The average tree grows its branches out until it encounters the branch tips of a neighboring tree of the same height. It doesn’t grow any wider because the air and better light in this space are already taken. However, it heavily reinforces the branches it has extended, so you get the impression that there’s quite a shoving match going on up there. But a pair of true friends is careful right from the outset not to grow overly thick branches in each other’s direction. The trees don’t want to take anything away from each other, and so they develop sturdy branches only at the outer edges of their crowns, that is to say, only in the direction of “non-friends.” Such partners are often so tightly connected at the roots that sometimes they even die together.Peter Wohlleben, “The Hidden Life of Trees”
I’ve come to think
that root systemsand the mycorrhizal networks that link those systems are designed like neural networks,and behave like neural networks, and a neural network is the seeding of intelligence in our brains.
If we think of my forest, and the networks I’ve described, that design is efficient for transmitting resources among trees and how they interact with each other. In our brains, scale-free networks are an efficient way for us to transmit neurotransmitters.Suzanne Simard, a professor in the Department of Forest & Conservation at the University of British Columbia
Every tree, therefore, is valuable to the community and worth keeping around for as long as possible. And that is why even sick individuals are supported and nourished until they recover. Next time, perhaps it will be the other way round, and the supporting tree might be the one in need of assistance.Peter Wohlleben, “The Hidden Life of Trees”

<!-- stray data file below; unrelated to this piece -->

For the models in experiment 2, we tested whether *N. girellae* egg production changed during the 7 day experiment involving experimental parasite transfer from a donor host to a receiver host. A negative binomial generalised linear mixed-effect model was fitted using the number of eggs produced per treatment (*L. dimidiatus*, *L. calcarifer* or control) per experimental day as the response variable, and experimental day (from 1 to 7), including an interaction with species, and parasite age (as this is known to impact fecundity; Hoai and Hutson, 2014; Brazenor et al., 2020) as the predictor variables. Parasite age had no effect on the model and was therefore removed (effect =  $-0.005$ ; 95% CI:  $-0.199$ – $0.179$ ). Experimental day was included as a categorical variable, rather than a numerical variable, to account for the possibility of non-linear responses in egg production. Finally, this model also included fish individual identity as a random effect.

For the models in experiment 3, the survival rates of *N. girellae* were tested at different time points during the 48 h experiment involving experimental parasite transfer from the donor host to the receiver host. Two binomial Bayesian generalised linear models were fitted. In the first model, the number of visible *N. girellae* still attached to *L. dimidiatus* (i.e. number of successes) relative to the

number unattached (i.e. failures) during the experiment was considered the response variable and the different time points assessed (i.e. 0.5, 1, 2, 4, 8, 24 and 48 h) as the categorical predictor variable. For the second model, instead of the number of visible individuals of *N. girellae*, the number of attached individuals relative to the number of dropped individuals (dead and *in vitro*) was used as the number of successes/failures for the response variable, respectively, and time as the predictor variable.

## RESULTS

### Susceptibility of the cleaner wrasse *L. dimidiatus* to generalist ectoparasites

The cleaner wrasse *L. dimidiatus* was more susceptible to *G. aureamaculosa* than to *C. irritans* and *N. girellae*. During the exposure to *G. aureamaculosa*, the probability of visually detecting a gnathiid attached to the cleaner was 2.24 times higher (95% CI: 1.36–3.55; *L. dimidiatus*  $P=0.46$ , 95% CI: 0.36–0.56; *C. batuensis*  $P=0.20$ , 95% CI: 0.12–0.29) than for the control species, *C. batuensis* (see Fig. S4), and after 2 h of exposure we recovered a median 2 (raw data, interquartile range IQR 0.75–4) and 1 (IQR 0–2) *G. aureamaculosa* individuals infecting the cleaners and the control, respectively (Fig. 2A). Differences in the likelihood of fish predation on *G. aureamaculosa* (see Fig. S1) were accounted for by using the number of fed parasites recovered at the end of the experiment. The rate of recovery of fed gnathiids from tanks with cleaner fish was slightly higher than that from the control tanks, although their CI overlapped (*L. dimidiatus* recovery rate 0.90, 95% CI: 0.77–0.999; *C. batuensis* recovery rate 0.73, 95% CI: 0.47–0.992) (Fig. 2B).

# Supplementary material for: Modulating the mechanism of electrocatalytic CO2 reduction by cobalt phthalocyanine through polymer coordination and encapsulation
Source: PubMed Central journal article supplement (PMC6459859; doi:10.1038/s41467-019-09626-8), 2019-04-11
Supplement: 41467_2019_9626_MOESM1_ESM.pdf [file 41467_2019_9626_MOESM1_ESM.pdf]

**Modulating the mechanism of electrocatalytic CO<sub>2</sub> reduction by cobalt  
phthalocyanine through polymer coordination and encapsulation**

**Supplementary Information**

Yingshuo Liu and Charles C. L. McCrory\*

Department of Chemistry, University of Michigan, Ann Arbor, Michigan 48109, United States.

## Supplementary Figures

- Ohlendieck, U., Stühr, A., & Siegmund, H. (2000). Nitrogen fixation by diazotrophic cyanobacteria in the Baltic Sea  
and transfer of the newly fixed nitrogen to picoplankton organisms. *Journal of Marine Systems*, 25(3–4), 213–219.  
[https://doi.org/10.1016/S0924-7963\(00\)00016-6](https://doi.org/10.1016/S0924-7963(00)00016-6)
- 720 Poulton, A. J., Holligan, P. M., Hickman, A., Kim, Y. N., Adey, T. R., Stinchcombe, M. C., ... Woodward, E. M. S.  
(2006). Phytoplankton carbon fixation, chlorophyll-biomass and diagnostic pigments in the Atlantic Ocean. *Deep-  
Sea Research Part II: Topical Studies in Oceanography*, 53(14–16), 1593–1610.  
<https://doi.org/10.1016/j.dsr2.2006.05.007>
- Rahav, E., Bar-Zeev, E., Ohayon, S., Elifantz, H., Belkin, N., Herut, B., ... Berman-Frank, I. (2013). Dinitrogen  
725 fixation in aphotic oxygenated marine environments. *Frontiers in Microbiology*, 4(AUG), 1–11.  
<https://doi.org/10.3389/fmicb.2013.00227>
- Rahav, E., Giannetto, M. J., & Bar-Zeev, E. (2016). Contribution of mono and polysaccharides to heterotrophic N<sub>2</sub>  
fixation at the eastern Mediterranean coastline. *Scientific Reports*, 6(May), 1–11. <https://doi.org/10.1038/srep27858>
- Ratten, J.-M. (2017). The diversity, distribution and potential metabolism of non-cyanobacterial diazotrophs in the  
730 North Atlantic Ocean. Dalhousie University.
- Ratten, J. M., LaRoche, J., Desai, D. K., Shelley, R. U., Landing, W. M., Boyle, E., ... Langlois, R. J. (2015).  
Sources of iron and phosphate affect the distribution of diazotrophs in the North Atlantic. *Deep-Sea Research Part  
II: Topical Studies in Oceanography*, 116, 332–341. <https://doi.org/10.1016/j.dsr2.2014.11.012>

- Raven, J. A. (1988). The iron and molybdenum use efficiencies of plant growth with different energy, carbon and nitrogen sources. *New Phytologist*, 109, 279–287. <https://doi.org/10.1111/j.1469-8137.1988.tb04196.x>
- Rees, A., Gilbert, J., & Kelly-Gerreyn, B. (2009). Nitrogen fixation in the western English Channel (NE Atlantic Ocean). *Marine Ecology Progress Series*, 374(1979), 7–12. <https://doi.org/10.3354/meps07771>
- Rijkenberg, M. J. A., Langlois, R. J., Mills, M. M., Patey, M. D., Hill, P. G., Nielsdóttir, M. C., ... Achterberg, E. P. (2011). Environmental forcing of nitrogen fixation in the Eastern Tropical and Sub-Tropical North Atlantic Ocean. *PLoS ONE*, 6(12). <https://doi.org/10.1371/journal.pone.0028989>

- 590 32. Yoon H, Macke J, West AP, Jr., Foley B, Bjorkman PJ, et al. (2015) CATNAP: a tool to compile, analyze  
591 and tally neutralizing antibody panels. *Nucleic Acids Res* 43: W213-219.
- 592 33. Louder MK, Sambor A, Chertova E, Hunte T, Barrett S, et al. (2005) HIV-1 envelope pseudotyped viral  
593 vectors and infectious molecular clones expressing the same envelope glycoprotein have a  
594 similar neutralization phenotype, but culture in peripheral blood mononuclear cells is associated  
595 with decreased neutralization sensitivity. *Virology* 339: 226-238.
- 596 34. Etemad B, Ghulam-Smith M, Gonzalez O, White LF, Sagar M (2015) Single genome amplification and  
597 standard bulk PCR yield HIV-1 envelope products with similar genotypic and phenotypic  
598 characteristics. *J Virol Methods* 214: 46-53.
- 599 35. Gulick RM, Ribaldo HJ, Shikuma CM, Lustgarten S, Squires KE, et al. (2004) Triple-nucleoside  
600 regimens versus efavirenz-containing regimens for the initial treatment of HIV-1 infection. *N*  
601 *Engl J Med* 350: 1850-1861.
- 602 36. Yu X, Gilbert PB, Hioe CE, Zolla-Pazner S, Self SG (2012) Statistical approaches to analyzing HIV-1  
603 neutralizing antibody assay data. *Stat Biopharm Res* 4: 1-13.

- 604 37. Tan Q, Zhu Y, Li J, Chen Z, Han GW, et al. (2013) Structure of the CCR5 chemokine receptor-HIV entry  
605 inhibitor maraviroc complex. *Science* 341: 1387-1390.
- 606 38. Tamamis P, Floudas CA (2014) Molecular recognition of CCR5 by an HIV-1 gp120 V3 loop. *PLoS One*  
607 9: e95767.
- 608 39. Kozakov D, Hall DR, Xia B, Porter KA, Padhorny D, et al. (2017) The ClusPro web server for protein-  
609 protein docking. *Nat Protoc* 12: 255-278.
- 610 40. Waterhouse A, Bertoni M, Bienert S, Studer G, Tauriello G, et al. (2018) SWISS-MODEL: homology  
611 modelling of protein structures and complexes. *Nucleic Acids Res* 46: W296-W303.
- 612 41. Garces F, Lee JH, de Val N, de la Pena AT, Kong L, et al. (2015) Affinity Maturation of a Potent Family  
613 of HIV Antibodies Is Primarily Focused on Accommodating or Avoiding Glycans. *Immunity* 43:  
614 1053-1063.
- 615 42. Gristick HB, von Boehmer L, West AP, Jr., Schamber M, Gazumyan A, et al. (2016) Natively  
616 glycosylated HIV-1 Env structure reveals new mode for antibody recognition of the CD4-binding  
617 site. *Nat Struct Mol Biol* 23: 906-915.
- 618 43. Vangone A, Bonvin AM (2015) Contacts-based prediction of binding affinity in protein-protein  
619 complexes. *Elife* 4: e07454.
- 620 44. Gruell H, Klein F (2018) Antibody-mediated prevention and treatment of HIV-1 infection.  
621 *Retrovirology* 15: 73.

A tree can be only as strong as the forest that surrounds it.
I’ve used the word intelligence in my writing because I think that scientifically we attribute intelligence to certain structures and functions. When we dissect a plant and the forest and look at those things—Does it have a neural network? Is there communication? Is there perception and reception of messages? Will you change
behaviorsdepending on what you’re perceiving? Do you remember things? Do you learn things? Would you do something differently if you had experienced something in the past?—those are all hallmarks of intelligence. Plants do have intelligence. They have all the structures. They have all the functions. They have the. behaviors
we’re prisoners of our own western science; indigenous people have long known that plants will communicate with each other. But even in westernSuzanne Simard, a professor in the Department of Forest & Conservation at the University of British Columbia
sciencewe know it because you can smell the defensechemistry of a forest under attack. Something is being emitted that has a chemistry that all those other plants and animals perceive, and they change their behaviorsaccordingly. Putting science onthat raises our own awareness that these plants are communicating just like we are. It’s just not a vocal thing—although some people are even measuring acoustics in trees and realizing there’slots of sounds that we can’t hear, and that could be part of their communication. But I don’t know how far that research has gone. In my own workI’ve looked at the conversation through chemistry.
I think that we are. I think that we’re so utilitarian with plants and we abuse them to no end. I think that comes from us having our blinders on. We haven’t looked. We just make these assumptions about them that they’re these benign creatures that have no emotion. No intelligence. They don’t behave like we do, so we just block it out.Suzanne Simard, a professor in the Department of Forest & Conservation at the University of British Columbia
❖Peter Wohlleben: “The Hidden Life of Trees: What They Feel, How
❖Bernadette Pourquie and Cecile Gambini: “Strange Trees: And the Stories Behind Them”
❖Rachel Sussman: “The Oldest Living Things in the World“
❖[edit, November 2019] “Never Underestimate the Intelligence of Trees”, interview with Suzanne Simard by Brandon Keim